by Tyler Hale
The Arkansas Department of Agriculture has named its first Feral Hog Eradication Program Coordinator. The department has tapped John Paul (J.P.) Fairhead to serve in the role.
Fairhead brings significant experience with feral hogs to this new role. Since 2008, Fairhead has worked as a Natural Resource Program Technician Field Biologist with Arkansas Game and Fish Commission and has served as the AGFC’s Feral Hog Eradication Program Coordinator since 2013. In addition, he has been active on the Arkansas Feral Hog Eradication Task Force since its formation in 2017.
“J.P. brings extensive knowledge of statewide feral hog control activities to the Department,” Arkansas Secretary of Agriculture Wes Ward said in a statement. “We look forward to putting J.P.’s expertise to work as we implement the new feral hog eradication program in project areas across the state,” said Ward.
Arkansas recently received funding through the United States Department of Agriculture to combat feral hogs and the impact they have on the agricultural industry. Through the USDA Feral Swine Eradication and Control Pilot Program, Arkansas and nine other states a total of $16.7 million. Arkansas will receive $3.4 million of that total.
Officials say that feral hogs have become a significant problem in recent years. The USDA estimates that feral hogs cause $1.5 billion in damages and control costs every year. In addition, hogs can carry “at least 30 diseases and nearly 40 types of parasites” according to a 2016 USDA study.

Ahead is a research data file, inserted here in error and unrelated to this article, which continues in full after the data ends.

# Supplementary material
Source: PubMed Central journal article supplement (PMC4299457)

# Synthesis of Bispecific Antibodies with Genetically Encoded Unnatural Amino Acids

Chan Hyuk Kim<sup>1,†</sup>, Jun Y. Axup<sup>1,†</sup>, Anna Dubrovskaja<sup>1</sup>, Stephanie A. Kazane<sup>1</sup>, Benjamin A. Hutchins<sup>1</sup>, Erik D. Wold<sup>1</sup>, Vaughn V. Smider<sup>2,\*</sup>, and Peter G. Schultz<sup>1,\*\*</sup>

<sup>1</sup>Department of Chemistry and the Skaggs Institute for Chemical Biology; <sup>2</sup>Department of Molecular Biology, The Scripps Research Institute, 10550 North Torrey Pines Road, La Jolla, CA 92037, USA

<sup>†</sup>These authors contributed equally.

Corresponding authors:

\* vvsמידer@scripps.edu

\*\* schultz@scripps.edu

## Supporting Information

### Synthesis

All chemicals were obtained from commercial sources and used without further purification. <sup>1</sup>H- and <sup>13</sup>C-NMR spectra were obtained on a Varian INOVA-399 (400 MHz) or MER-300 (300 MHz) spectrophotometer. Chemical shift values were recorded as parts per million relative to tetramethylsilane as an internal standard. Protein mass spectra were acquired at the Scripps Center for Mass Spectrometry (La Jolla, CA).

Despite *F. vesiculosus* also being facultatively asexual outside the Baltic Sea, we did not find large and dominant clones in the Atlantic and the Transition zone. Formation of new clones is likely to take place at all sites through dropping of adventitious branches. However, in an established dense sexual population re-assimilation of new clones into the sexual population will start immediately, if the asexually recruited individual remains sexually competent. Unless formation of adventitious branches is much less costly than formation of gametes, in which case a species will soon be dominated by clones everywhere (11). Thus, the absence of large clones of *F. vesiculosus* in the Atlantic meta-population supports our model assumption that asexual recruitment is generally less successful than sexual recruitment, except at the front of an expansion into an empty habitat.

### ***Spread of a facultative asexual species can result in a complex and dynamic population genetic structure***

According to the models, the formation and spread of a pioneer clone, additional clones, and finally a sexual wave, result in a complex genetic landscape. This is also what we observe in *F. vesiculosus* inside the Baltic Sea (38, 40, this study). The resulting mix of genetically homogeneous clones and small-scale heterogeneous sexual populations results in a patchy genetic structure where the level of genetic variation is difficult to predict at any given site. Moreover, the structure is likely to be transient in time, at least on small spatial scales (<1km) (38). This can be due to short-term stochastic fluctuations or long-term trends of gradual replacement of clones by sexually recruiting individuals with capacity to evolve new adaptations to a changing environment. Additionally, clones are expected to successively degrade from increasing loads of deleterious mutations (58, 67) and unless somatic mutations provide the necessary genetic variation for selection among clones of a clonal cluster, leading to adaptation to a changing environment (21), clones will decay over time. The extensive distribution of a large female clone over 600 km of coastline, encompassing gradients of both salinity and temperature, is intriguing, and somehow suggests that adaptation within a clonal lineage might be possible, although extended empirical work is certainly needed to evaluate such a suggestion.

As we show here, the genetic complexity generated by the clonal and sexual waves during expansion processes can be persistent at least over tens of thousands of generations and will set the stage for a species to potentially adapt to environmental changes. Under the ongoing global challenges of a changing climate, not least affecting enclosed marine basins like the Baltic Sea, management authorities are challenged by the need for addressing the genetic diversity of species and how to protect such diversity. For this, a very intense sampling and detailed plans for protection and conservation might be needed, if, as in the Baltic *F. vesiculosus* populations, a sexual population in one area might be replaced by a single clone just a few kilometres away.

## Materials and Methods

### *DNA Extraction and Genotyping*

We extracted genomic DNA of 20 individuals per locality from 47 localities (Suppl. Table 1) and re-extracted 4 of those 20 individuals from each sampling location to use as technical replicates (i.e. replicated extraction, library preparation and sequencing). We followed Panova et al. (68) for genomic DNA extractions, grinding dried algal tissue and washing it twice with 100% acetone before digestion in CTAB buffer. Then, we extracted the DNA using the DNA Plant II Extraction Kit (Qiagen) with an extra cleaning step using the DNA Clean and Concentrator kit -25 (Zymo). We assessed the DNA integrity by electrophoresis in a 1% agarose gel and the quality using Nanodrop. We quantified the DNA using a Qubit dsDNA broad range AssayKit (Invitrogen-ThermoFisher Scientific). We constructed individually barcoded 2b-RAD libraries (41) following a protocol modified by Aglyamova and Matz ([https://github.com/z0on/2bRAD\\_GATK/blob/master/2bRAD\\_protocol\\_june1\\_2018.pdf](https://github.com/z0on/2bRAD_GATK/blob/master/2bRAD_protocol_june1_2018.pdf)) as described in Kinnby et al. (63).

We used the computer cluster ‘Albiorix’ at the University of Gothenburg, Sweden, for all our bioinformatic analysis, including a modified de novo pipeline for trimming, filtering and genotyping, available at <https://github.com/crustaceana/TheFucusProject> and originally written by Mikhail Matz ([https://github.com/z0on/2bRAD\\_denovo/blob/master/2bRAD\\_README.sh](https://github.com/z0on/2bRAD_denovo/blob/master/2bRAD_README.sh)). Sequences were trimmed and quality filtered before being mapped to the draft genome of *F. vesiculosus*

In an article for the National Association of County Agricultural Agents, S.M. Tanger, K.M. Guidry and H. Nui argue that the damage estimates are conservative and do not take into account for the full range of the hogs’ impact. The authors cite “environmental degradation, disease outbreaks…clean water losses and animal interactions” as some of the effects that are more difficult to quantify.
“The damages associated with feral hogs negatively impact all Arkansans at some level, whether it’s direct damages to agriculture or reduced native wildlife populations,” Fairhead says. “I look forward to addressing the unique challenges associated with controlling this prolific, destructive, invasive species by partnering with multiple agencies to implement effective control measures. Addressing the feral hog issue will not be a quick-fix; however, I do believe that we can make positive strides to reduce damages if we focus on working together to remove these invasive pests.”
Feral hogs are non-native species to the United States, brought by European colonists. There are an estimated six million feral hogs in more than 35 states.